Panacea comment for Financial Advisers and Paraplanners
21 Nov 2017
Earlier this month Professor Stephen Hawking issued a chilling warning about the imminent rise of artificial intelligence. During the new interview, Professor Hawking warned that AI will soon reach a level where it will be a ‘new form of life that will outperform humans.’
There is a move afoot to bring the delivery of financial advice into the 21st century. After all with the smart phone, tablet and virtual reality all breaking through boundaries, why should financial advice not find itself in the vanguard of change?
It should work, could work, but will not work until something very simple yet clearly requiring a considerable volte-face takes place.
So, here’s a thought for you lovers of Steve Jobs and even Ned Ludd.
This may take a little of your time but bear with me please.
Steve Jobs reckoned that “Older people sit down and ask, ‘What is it?’ but the boy asks, ‘What can I do with it?”.
Smart technology exists and is readily available in the average home. Algorithm based analytics are there, right now, to deliver for the mass market an automated method of providing the average family with the ability to self medicate their financial ailments and prescribe a solution.
This happens in many areas of web based life today so why not financial services?
The elephant in the room of progress is the word ‘advice’. Because in the financial services world where products are delivered/ sold/ distributed by the intermediated channel the buck of responsibility always stops with the financially weakest part of the process, the advisory firm.
Product failure, rather like design failure in modern airliners, is unheard of. With an airplane the crash blame is pretty much always directed at the pilot.
Robo or automated solutions should work, it is all in the ‘math’? Very complicated algorithms drive the customer to a very specific outcome.
This is where it gets complicated because at the moment should the algorithm prove in five, ten or fifteen years to have had an unforeseen glitch regulatory retrospective retribution will rain down on the advisory firm, not the maker of the programme.
There is a simple solution to a complex problem.
That is to have the algorithms certified as fit for the purpose they were designed for.
Fit for purpose accreditation already exists in other areas of regulation. Aircraft cannot fly in UK airspace without CAA approval. Drugs are certified as fit for purpose and prescription with the Medicines & Healthcare products
So why can the FCA not approve automated advice models as fit for purpose?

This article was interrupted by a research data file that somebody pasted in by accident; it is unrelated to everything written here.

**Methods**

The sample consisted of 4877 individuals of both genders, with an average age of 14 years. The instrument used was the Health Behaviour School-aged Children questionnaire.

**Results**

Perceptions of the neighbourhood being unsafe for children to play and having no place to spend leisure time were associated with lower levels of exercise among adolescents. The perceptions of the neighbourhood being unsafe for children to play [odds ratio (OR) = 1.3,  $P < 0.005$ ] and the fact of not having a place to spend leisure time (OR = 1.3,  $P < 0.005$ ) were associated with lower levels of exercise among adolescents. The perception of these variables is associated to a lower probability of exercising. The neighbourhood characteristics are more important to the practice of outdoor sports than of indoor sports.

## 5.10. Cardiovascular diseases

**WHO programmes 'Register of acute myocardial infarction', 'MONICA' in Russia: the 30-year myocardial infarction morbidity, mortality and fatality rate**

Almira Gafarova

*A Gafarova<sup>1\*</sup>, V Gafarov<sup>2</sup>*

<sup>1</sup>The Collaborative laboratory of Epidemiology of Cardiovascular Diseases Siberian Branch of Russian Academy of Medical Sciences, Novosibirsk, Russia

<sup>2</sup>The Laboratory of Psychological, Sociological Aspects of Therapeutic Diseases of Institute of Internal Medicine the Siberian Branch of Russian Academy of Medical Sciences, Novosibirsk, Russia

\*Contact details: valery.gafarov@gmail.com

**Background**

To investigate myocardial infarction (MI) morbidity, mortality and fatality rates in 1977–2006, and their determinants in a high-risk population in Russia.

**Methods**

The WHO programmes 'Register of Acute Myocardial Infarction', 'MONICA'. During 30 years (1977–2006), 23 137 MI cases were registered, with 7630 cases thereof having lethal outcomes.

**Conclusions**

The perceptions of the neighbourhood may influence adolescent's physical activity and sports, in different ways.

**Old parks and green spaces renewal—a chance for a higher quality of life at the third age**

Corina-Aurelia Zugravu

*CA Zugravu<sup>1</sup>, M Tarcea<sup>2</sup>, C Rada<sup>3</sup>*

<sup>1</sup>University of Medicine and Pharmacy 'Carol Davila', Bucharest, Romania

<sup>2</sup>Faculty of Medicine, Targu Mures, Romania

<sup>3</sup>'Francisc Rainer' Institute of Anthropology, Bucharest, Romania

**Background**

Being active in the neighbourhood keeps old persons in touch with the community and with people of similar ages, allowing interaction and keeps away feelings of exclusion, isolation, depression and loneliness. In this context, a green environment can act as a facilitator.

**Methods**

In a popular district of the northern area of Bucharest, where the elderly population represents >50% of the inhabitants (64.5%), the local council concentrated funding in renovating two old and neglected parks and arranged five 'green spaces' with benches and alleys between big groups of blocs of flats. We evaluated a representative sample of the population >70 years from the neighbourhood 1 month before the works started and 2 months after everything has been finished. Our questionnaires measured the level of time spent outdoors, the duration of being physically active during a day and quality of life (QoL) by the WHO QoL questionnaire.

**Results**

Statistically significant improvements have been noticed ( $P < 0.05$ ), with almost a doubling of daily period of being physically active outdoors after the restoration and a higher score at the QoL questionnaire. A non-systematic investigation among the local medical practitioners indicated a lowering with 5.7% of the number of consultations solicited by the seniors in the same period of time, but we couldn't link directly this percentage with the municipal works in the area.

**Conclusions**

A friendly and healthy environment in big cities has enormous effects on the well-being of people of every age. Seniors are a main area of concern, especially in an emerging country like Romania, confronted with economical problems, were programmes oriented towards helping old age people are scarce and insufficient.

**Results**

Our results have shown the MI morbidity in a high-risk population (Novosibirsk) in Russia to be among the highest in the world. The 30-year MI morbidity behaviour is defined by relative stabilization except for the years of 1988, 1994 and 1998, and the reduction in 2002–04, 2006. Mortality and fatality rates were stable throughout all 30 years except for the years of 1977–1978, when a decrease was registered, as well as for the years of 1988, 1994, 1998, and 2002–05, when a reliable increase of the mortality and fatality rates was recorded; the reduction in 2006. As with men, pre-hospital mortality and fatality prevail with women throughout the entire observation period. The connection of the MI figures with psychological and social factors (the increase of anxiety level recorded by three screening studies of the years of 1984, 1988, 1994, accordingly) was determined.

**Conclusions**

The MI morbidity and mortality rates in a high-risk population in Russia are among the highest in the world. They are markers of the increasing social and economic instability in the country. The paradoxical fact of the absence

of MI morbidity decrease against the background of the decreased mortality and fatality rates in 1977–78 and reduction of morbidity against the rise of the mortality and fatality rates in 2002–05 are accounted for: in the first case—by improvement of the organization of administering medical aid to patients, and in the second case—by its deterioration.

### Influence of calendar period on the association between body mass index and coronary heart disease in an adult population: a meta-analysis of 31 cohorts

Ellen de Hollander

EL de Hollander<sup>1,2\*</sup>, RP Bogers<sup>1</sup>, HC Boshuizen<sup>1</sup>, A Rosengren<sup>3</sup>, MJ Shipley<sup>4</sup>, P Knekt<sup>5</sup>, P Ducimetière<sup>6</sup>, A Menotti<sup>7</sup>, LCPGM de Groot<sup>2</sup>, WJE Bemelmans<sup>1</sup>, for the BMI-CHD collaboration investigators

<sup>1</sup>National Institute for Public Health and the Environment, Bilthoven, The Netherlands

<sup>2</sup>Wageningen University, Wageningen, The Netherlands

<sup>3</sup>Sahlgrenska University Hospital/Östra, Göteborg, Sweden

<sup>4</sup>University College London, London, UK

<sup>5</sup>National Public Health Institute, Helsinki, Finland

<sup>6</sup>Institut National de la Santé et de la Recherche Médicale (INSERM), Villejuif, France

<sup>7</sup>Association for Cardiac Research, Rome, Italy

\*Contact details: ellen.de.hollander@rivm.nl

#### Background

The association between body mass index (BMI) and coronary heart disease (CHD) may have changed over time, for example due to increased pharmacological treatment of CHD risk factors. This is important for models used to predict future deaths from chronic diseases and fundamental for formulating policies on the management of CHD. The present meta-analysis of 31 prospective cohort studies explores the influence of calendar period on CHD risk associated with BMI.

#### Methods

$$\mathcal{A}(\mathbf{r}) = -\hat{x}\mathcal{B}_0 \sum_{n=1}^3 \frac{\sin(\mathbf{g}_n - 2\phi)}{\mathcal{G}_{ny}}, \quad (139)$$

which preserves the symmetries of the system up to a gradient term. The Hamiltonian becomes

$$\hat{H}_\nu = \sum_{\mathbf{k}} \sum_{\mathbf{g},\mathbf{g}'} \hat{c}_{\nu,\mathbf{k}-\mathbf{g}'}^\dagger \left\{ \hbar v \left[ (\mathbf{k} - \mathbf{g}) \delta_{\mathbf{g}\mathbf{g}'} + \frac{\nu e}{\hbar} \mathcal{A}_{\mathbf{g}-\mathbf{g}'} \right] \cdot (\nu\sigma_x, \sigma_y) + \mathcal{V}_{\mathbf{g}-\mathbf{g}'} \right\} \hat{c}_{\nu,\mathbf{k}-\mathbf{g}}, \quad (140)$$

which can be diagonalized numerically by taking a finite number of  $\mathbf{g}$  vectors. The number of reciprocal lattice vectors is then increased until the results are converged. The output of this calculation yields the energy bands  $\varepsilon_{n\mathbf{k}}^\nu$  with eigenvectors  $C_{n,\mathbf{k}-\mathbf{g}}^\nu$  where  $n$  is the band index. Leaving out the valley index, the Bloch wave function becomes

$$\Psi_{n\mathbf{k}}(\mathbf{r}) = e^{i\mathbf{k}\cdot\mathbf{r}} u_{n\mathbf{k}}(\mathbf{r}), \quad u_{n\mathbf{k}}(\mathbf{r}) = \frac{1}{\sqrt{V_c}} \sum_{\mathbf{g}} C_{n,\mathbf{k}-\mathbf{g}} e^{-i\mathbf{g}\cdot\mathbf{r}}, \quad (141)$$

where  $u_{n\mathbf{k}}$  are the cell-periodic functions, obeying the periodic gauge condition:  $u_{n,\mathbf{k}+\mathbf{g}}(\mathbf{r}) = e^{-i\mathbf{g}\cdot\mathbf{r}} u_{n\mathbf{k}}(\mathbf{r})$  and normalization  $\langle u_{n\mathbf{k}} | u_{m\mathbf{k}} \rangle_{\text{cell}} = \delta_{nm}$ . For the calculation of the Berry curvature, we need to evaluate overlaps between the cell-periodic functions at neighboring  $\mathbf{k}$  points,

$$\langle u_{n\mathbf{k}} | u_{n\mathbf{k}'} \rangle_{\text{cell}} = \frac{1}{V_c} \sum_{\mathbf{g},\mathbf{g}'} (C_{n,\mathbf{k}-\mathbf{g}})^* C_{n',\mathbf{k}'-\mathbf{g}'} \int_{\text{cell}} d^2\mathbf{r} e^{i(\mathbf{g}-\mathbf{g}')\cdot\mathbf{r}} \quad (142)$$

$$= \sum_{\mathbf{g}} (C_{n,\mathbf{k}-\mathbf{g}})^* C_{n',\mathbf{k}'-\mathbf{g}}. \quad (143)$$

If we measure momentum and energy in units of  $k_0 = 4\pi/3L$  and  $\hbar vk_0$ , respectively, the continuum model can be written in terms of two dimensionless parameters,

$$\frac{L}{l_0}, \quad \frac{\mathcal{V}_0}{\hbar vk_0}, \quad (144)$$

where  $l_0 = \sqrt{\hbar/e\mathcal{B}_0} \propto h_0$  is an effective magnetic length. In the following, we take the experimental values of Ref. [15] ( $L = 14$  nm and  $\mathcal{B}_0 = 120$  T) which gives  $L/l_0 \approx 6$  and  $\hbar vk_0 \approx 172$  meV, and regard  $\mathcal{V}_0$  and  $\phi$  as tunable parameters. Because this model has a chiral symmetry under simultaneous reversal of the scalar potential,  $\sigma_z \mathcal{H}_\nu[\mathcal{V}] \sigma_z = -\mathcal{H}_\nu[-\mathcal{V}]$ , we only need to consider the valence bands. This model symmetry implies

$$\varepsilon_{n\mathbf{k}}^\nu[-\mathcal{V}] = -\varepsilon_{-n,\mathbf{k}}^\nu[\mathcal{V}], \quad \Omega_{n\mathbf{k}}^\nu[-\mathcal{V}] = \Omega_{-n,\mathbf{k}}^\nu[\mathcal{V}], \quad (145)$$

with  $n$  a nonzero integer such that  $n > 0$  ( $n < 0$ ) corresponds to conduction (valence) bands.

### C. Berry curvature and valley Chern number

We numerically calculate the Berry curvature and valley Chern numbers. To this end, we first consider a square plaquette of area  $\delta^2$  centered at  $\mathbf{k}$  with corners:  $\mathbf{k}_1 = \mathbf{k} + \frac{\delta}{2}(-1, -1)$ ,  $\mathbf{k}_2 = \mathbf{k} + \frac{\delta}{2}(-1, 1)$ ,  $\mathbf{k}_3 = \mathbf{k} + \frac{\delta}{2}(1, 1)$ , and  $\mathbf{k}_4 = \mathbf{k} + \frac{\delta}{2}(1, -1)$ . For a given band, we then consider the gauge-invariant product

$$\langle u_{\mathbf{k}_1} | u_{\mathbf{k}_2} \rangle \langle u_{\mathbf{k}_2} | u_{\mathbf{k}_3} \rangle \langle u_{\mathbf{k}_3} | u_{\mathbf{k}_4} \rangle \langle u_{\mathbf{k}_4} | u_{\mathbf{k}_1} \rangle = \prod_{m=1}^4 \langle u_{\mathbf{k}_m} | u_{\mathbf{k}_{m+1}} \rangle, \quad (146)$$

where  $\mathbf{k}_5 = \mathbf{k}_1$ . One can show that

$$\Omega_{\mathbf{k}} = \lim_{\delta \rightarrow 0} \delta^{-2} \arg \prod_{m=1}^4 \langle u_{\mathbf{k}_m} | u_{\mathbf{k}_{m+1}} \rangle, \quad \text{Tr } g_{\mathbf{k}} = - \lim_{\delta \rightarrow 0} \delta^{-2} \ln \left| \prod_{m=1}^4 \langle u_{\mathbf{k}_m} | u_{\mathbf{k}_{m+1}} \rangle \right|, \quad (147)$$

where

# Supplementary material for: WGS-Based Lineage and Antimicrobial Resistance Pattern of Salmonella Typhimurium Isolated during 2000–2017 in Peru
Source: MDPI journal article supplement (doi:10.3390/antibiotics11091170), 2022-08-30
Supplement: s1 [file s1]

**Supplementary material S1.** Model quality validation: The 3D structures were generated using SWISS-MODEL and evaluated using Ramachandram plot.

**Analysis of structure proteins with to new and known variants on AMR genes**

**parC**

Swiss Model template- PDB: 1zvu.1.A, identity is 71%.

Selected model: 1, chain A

The answer according to Andrew Mansley at the FCA, who I spoke to at some length at the PFS Festival, is that it would be “anti competitive”.
There are examples of this statement being used to create chaos and detriment in this industry. The Maximum Commission Agreement springs to mind. For those new to the world of financial services this is an essential read
For those with not enough time served in this industry, you should know that from the late eighties increased commission levels from larger distribution channels were being sought after the OFT got rid of the Maximum Commission Agreement (MCA) as it was seen to be anti-competitive.
I suspect the real reason would be that, in the words of Hector Sants, not known to Mr. Mansley, “if the regulator was to take responsibility for it’s actions, nobody would want to do the job”.
The FCA needs to consider the following simple steps to improve the embrace of automated opportunities.
- All robo models should apply to the FCA for approval, that approval will certify what the programme can and cannot do and rather like a fully automated vehicle
- The FCA approval will apply to the algorithms and the programme
- Any changes, upgrades would require a certification upgrade
- The robo technology would require PI cover for any unforeseen failures and not the adviser firm
- The advisory firm would NOT be responsible for any advice/ guidance failure of the robo programme as part of the FCA sign off
- In October last year, Professor Stephen Hawking warned that artificial intelligence could develop a will of its own that is in conflict with that of humanity. With this in mind, the advice responsibility buck stops with the technology provider and not the adviser
Put these in place and both the regulator and the software house would think very carefully about failure, the adviser could engage with more consumers with confidence restored.
We can always dream?